Beginning in 1983, she served nine years in Rome as assistant general superior for the congregation. Upon completion of her term, she ministered at Holy Family Medical Center in Des Plaines as the director of volunteers and as the receptionist at the front desk. In 2003, she retired from active ministry.
She was also a participant in Rush University’s Religious Orders Study. In her last act of service, when she died her brain was taken to Rush Medical Center to further advance research into Alzheimer’s disease.
Felician Sister Mary Virginette (Lillian) Reczek, 96, died Jan. 19 in Our Lady of the Angels Convent.
Born in Chicago, she attended Holy Trinity School and Good Counsel High School. She entered the Felician Sisters in 1941 and professed her final vows in 1949. She ministered as a teacher in various elementary schools in Illinois, Wisconsin and Minnesota.
After attending a program of studies at the Deaf Institute, she worked for 13 years with hearing-impaired people in a number of schools in the archdiocese. She served as a clinician and later as the director of the Felician College Psychoeducation Center.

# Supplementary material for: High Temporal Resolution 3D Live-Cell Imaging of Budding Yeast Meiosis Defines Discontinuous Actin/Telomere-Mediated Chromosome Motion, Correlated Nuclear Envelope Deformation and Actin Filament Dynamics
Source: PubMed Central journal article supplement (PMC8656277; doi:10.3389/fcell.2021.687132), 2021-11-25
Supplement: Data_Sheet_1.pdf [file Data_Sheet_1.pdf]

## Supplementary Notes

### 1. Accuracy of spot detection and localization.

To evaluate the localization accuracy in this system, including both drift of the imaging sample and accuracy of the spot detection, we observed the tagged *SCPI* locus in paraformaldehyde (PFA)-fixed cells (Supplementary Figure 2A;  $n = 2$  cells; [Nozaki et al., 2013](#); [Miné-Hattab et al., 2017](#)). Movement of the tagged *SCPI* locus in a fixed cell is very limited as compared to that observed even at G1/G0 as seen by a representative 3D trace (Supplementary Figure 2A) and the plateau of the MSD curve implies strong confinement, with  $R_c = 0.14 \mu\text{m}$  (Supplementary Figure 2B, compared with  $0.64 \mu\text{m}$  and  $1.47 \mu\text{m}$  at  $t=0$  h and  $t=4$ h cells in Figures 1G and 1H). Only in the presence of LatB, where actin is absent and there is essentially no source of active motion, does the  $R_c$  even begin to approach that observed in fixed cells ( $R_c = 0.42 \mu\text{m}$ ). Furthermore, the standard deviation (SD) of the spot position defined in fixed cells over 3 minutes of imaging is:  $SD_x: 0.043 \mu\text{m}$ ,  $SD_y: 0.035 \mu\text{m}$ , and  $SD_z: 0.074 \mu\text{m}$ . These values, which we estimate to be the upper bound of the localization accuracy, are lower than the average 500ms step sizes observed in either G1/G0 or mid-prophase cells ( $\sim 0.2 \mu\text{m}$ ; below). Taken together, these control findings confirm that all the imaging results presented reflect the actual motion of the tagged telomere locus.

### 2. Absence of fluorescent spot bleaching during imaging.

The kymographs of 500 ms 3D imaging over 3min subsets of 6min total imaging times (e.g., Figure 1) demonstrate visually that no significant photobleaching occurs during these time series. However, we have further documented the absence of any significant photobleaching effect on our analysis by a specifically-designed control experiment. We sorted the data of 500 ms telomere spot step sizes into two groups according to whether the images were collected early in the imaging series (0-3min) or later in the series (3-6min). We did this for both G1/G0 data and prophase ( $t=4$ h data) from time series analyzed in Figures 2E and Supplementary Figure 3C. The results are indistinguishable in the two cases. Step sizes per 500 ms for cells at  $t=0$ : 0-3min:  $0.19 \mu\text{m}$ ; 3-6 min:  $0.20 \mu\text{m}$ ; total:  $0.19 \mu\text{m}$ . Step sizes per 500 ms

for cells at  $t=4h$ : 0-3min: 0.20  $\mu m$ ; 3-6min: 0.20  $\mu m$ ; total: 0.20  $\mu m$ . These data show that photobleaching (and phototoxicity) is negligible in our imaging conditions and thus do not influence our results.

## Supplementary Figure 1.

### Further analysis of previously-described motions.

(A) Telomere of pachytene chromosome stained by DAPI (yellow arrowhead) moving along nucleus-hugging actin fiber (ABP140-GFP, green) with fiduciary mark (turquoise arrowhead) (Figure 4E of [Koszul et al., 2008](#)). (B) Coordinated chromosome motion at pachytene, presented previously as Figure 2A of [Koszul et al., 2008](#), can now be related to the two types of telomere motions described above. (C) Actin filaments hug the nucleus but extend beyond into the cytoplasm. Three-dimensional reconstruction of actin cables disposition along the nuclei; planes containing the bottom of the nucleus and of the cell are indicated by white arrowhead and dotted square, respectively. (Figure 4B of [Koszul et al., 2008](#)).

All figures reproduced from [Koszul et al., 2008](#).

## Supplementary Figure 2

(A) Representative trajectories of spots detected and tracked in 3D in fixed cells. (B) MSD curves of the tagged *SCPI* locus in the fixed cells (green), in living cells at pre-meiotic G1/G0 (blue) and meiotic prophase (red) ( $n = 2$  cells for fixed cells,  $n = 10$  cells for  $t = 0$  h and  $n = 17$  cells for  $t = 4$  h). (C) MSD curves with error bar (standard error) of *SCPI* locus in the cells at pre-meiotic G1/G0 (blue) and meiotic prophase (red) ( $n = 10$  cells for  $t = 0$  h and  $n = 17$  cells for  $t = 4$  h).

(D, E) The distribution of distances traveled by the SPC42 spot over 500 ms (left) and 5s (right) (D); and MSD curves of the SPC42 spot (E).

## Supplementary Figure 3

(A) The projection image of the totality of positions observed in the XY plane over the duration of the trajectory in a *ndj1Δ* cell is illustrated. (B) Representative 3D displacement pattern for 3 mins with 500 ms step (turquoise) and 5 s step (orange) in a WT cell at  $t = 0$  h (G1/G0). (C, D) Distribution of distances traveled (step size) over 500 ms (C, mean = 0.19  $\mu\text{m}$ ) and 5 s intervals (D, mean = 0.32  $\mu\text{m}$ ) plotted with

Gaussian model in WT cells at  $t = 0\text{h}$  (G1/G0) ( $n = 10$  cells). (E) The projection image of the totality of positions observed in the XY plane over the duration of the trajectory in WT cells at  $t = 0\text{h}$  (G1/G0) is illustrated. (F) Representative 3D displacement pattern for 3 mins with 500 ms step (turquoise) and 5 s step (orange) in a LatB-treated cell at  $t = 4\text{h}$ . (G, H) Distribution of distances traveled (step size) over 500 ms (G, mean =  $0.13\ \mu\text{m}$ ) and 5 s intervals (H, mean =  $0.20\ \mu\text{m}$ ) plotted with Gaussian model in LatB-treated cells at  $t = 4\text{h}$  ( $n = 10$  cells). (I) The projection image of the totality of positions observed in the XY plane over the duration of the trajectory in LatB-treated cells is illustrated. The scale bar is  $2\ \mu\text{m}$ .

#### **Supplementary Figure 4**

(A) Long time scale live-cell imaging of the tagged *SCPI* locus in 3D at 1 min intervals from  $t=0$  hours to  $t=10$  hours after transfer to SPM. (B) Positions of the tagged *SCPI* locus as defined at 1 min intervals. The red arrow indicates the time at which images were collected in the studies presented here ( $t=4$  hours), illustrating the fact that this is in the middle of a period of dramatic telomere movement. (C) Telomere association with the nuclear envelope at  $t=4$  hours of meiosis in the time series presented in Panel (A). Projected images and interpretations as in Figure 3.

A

She was in provincial leadership for six years followed by work in behavioral medicine at St. Mary’s Hospital in Centralia, Illinois.
In the Archdiocese of Chicago, she ministered at St. John of God (1941-1942), Holy Innocents (1943-1944), St. James (1944-1946, 1964-1965), St. Bronislava (1946-1948), St. Helen (1951-1954), St. Hedwig Orphanage (1954-1960), St. Joseph School (1960-1962), and St. Frances DePaul School for the Deaf (1962-1973) and Felician College (1973-1987).
Sinsinawa Dominican Sister Alyce (Stellan) Kelly, 88, died Jan. 24 in Sinsinawa, Wisconsin.
Born in Chicago, she made her first religious profession in 1953 and her perpetual profession in 1956. She taught, served as director of religious education and was a pastoral associate and parish administrator for 18 years. Sister Alyce served in Wisconsin, Illinois and Hawaii.